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Subfile Fundamentals, Part One

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Saving coding effort and create consistent multi-record displays.

by Jonathan Yergin

The order entry operator for Best Distributors is giving your new program its first live test. You are on standby to trouble-shoot any problems. Perhaps you are a beginning programmer, fresh out of school, putting theories into practice. Or maybe you are a veteran S/3X programmer who has just written your first native application on the new AS/400. Your boss is standing by as well, to review the results of the test.

A buyer from ABC Paint Supply calls to order paint from the Premium Paint Company. The operator is on the first screen and needs to know the Vendor Number. She presses the function key for Alpha Search and is prompted for a search value. She keys "Premium" and presses the enter key. After being presented with a scrolling list of vendors, she selects Premium Paint Company by placing an "X" in the selection field next to it. Then she presses the enter key again, and is returned to the original screen where Vendor Number has been filled in.

Since the buyer who is calling knows Best Distributor's item numbers, the operator quickly keys twenty or so items and their quantities on one screen. She presses the function key for review mode and reads back the order. There are two errors. The quantity is wrong on line 5, and the wrong item was entered on line 10. The transactions in error are selected for update and deletion by placing a "U" and "D" beside lines 5 and 10. After making corrections the operator confirms the order for the buyer. Her evaluation of your new program is concise: "I like it."

All of these functions - inquiry, search, selection, transaction entry and transaction review - can be implemented easily with subfiles. A subfile is a way to work with a group of like records for display and processing, much like a direct file in memory. The records are displayed in rows, several to a page, one page at a time. You define how many records to display on a page and how many pages of records to place in the subfile. The record fields can be input-only, output-only or input-output. 1 illustrates one page of a subfile display.

All of these functions - inquiry, search, selection, transaction entry and transaction review - can be implemented easily with subfiles. A subfile is a way to work with a group of like records for display and processing, much like a direct file in memory. The records are displayed in rows, several to a page, one page at a time. You define how many records to display on a page and how many pages of records to place in the subfile. The record fields can be input-only, output-only or input-output. Figure 1 illustrates one page of a subfile display.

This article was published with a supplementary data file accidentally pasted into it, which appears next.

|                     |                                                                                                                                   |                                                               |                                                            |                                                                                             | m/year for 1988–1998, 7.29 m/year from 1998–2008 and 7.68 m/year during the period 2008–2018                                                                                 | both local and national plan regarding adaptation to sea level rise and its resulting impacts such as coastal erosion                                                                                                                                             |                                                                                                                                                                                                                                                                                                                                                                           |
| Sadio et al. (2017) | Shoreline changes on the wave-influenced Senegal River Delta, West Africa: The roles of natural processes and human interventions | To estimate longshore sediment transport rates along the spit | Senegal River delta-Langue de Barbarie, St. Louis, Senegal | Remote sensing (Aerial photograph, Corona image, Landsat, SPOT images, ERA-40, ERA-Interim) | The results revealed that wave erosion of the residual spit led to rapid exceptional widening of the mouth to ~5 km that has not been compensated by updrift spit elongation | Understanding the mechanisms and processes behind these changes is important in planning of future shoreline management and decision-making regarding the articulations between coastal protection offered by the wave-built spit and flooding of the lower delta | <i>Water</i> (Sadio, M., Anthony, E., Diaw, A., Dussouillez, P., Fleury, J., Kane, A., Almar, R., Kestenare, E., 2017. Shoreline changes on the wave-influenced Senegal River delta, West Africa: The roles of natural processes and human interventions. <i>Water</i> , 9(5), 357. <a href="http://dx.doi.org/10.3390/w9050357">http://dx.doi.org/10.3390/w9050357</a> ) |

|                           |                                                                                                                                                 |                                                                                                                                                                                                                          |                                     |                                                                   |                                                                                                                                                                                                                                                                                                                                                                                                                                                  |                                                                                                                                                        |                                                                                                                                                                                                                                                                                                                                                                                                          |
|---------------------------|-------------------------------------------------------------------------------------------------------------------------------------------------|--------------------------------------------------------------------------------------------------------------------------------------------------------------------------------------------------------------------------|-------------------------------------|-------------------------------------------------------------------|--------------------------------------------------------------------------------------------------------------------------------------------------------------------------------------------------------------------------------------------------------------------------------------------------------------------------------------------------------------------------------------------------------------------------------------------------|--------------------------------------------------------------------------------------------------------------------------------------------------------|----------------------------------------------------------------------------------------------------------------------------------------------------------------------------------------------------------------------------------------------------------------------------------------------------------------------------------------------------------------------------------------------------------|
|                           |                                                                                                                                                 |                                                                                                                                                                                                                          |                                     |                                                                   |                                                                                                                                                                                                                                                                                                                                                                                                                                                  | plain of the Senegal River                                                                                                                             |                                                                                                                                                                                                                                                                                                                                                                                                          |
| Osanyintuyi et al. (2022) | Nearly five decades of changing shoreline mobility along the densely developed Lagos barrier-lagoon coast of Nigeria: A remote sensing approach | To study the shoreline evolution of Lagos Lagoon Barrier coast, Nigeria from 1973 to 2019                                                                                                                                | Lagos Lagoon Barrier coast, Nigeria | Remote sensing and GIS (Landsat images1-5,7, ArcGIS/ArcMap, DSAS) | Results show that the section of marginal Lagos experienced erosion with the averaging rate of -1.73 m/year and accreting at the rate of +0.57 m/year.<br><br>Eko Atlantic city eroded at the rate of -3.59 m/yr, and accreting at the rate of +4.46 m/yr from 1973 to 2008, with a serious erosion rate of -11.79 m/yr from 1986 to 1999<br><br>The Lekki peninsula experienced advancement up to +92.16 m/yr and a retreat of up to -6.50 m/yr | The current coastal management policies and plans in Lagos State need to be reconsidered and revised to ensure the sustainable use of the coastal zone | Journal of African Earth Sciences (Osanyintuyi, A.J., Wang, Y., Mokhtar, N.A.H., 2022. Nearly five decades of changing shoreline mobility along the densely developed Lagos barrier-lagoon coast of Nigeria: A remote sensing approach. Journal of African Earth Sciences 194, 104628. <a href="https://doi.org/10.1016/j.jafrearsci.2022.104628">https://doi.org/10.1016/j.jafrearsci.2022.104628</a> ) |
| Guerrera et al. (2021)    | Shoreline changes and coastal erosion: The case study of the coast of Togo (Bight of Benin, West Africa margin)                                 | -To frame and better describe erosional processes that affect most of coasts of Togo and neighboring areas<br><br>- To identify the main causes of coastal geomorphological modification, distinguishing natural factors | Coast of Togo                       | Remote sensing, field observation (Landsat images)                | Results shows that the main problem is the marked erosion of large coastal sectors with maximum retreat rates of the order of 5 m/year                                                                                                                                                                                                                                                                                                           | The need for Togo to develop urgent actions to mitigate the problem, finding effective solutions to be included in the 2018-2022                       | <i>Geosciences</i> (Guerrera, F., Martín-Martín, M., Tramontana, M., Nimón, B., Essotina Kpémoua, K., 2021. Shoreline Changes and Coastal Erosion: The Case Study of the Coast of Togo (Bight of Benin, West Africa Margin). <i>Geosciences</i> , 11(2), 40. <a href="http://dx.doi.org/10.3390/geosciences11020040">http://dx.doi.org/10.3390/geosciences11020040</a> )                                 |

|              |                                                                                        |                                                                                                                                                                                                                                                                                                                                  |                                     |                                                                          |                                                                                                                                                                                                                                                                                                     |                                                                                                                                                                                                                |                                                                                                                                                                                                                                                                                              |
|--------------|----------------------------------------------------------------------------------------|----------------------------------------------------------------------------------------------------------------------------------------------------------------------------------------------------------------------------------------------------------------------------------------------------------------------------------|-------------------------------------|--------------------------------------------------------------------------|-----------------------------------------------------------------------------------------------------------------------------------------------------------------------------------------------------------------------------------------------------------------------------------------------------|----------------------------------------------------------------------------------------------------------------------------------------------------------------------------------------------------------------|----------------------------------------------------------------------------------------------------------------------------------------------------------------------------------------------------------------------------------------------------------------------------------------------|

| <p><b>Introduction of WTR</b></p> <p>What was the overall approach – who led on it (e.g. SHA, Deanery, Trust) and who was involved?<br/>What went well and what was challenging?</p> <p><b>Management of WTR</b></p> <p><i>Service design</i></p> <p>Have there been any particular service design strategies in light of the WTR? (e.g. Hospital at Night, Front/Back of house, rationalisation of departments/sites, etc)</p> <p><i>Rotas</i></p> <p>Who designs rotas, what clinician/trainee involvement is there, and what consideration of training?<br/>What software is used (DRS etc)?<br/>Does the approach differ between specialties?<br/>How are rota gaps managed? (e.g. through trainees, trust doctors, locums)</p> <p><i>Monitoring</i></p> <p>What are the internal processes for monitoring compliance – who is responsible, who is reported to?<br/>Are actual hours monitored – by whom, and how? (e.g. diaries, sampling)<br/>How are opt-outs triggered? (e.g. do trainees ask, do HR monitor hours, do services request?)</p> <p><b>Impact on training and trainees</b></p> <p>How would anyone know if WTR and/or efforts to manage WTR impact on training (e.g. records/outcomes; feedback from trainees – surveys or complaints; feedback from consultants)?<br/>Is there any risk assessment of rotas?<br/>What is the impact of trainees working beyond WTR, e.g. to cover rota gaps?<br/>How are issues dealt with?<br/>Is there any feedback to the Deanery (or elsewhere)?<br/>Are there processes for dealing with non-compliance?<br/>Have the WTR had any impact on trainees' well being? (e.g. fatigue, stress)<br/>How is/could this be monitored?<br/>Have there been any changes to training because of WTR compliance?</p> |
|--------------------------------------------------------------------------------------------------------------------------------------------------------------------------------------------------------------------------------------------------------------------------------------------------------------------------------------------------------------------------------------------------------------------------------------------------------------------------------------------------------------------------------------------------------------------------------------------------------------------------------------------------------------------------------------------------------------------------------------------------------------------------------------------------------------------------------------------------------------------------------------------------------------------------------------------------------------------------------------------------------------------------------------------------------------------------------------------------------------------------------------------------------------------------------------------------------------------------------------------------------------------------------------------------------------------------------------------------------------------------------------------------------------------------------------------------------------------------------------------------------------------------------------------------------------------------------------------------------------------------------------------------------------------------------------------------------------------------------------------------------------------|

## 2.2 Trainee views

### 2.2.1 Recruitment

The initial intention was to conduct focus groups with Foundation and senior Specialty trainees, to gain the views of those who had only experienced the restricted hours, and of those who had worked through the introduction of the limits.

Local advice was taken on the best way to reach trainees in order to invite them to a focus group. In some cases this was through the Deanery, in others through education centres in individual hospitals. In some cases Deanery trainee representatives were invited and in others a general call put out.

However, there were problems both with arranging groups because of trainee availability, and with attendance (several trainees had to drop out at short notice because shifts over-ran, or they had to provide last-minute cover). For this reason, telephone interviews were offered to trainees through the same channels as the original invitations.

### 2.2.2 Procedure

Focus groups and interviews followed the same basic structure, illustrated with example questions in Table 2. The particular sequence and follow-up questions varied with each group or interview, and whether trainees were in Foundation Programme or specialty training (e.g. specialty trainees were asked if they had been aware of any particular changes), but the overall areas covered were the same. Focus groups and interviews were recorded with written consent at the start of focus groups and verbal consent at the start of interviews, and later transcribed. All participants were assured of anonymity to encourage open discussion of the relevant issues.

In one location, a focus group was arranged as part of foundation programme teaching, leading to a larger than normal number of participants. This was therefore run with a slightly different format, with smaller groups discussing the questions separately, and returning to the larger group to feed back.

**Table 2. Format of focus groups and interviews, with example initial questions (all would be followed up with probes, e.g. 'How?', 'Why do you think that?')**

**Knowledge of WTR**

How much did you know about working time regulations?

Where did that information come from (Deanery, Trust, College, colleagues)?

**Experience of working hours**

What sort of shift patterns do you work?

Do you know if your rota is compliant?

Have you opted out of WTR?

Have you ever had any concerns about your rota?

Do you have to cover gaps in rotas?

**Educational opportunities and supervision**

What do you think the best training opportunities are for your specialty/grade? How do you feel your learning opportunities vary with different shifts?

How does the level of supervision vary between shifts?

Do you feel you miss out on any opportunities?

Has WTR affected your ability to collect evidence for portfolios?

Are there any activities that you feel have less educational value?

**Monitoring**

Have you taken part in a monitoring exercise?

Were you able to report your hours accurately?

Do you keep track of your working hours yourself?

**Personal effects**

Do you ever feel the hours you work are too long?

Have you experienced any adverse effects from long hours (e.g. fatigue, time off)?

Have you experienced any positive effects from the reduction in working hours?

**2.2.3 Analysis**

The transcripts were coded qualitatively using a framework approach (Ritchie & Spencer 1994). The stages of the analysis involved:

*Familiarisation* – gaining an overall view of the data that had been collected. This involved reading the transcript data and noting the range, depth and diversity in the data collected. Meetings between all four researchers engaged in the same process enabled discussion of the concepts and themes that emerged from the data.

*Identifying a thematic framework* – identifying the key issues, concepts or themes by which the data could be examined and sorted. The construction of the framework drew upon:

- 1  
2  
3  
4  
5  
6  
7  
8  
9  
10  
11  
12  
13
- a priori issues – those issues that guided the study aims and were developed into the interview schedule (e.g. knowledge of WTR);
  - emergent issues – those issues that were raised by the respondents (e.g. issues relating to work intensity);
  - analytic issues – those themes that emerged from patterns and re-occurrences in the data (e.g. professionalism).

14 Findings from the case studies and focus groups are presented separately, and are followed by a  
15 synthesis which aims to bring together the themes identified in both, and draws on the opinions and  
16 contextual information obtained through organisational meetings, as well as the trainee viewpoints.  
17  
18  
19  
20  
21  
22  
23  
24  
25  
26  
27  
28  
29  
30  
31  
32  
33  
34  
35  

In a typical subfile application, several pages of subfile records are written to memory; then a write/read is executed for the subfile control format. The operating system takes over to display the records on the screen and to respond to the roll keys by paging the display. You can roll back and forth to display each page. Selection of displayed records for further processing is simple: you can set up a selection field for each record into which a selection character is keyed. When you press enter or a defined command key, control is returned to the high-level language (HLL) program.

Building the Display File

To build a subfile program, we must first design and create a display file. At least two display formats must be defined in the data description specifications (DDS): the subfile record format, with the SFL record level keyword; and the subfile control record format, with the SFLCTL record level keyword. The subfile record format defines the fields in the records that are written to memory, while the subfile control record format defines how the subfile can be displayed, cleared, deleted, and initialized.

The subfile record format with its associated field descriptions must be defined immediately before the subfile control record format. Displayable fields in the subfile format are generally the same as fields in other display formats. The fields in the sample display format (4) are all output only. The locations specified for the fields are the locations on the screen where the first subfile record will be displayed. Most field- level keywords are allowed for subfile fields. The exceptions are DATE, TIME, ERRMSG, and ERRMSGID. We veteran S/3X programmers appreciate the use of the keywords EDTCDE and EDTWRD. The ease of formatting they provide was formerly only available using formats with a variable starting line number. Subfiles also provide the professional look of programs that use an array to provide a virtual screen buffer. In fact subfiles may be compared to a dynamically allocated array of formatted data.